It was an average Saturday afternoon and I was sat on the sofa scrolling through a news website on my laptop, when I came across a report from the recent Women's March in London. On the back of the #MeToo movement, this was an important march for womankind -and as a self-proclaimed feminist, part of me stirred with jealously that I hadn't been there amongst the crowds.
As I flicked through photos, my five-year-old watched over my shoulder.
Suddenly he piped up.
"What does that sign the lady is holding say, Mummy?"
He paused, as the words played in his mind. "It says "Who rules the world? GIRLS!" doesn't it?"
I didn't know how to reply.
"Yes, ummm, I think so darling," I replied, stuttering my words. How did I explain this to a five-year-old? How did I explain that the girl holding the sign was trying to empower her gender, without making him feel that, in the process, she was crushing his own?
Before long, he got bored and moved away, more interested in throwing cushions at his brother's head than discussing a wider issue of gender equality. But as I sat there on the sofa, scrolling through the remainder of those photos, a sense of uneasiness was starting to stir in the pit of my stomach.
How exactly do I raise my boys in the era of #MeToo and #TimesUp?
How do I explain that they are just as important, and just as loved, and just as free to do whatever they want in life as their sister - but that they absolutely have to be accountable for their actions too?
It's not an issue that crossed my mind back in 2012, when the sonographer at American Hospital announced we were going to have a boy at our 20-week scan. Nor in 2014 when I was told our second baby was going to provide a second dose of baby blue. Visions of rugby shirts, grubby knees, and wrestling matches on the living room floor certainly did cross my mind, though - and then life, in turn, smashed those stereotypes when my eldest told me he hated rugby and asked me to book him into weekly dance classes instead.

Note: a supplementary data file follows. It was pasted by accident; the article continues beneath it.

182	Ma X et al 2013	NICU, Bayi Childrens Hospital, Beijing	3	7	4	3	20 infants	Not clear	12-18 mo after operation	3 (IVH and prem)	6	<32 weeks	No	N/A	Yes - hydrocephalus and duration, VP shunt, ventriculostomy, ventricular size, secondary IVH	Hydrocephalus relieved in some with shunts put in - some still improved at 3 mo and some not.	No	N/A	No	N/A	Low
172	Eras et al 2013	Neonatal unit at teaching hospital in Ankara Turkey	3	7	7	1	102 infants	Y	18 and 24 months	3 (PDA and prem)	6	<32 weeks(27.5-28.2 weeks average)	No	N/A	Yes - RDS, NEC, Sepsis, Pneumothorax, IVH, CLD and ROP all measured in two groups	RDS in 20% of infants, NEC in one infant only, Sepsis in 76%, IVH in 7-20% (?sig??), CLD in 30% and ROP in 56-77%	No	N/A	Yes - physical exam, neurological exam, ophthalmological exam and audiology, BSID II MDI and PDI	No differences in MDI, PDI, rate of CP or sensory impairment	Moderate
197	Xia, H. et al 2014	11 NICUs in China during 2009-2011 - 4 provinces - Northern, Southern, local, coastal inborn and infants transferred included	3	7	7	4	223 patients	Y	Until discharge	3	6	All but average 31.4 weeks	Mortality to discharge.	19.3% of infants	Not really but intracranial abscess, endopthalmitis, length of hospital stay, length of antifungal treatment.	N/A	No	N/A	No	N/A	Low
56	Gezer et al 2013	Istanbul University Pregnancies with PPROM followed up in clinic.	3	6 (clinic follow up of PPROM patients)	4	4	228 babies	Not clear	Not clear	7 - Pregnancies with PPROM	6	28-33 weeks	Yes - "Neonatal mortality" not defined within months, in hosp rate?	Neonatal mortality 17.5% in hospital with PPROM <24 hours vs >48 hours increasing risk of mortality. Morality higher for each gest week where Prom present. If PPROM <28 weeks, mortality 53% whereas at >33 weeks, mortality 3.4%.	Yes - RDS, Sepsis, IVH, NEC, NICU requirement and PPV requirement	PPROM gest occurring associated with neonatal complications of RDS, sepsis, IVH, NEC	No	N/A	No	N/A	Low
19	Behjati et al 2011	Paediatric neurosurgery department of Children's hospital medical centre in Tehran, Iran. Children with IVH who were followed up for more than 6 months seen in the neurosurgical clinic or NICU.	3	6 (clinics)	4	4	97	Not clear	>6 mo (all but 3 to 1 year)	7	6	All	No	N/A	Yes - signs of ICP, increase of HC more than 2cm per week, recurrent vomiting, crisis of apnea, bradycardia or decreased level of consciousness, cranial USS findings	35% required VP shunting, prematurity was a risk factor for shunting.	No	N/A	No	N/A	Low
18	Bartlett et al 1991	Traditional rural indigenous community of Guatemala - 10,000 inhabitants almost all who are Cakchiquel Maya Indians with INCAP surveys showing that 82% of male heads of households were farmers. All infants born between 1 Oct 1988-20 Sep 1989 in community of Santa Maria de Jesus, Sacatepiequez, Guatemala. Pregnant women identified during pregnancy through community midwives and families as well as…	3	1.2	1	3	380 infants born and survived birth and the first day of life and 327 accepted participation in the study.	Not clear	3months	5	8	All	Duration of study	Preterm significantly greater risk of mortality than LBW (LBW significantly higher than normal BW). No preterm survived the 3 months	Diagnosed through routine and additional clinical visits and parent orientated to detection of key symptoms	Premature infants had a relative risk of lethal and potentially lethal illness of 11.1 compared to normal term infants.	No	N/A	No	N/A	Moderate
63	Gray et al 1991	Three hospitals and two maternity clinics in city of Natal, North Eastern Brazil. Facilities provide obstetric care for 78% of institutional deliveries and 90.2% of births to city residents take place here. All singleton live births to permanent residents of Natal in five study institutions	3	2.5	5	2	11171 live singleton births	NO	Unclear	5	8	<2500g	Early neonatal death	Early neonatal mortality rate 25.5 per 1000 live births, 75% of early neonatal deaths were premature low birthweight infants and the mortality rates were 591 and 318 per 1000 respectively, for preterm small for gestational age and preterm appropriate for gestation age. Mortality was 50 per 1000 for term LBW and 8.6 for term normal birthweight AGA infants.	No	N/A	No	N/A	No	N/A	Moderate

I've learnt a lot about raising little boys these past six and a half years - and most of it has surprised me. Their sensitivities, their vulnerabilities, their endless reserves of energy, and the realisation that two boys raised under the same roof can be so very different both in terms of what motivates them and in terms of personality.
"It breaks my heart to think that these two boys - my babies - are already being judged on account of their gender, but the feminist in me knows that I need to suck it up and work out how I'm going to handle it."
It breaks my heart to think that these two boys - my babies - are already being judged on account of their gender, but the feminist in me knows that I need to suck it up and work out how I'm going to handle it. Hiding away and hoping they will grow up to become respectful and courteous isn't enough. I have to make it happen. I have to make sure that they are part of a generation that won't objectify women, who will take 'no' to mean 'no', and who will be just as outraged if a woman is harassed or attacked as myself or their sister would be.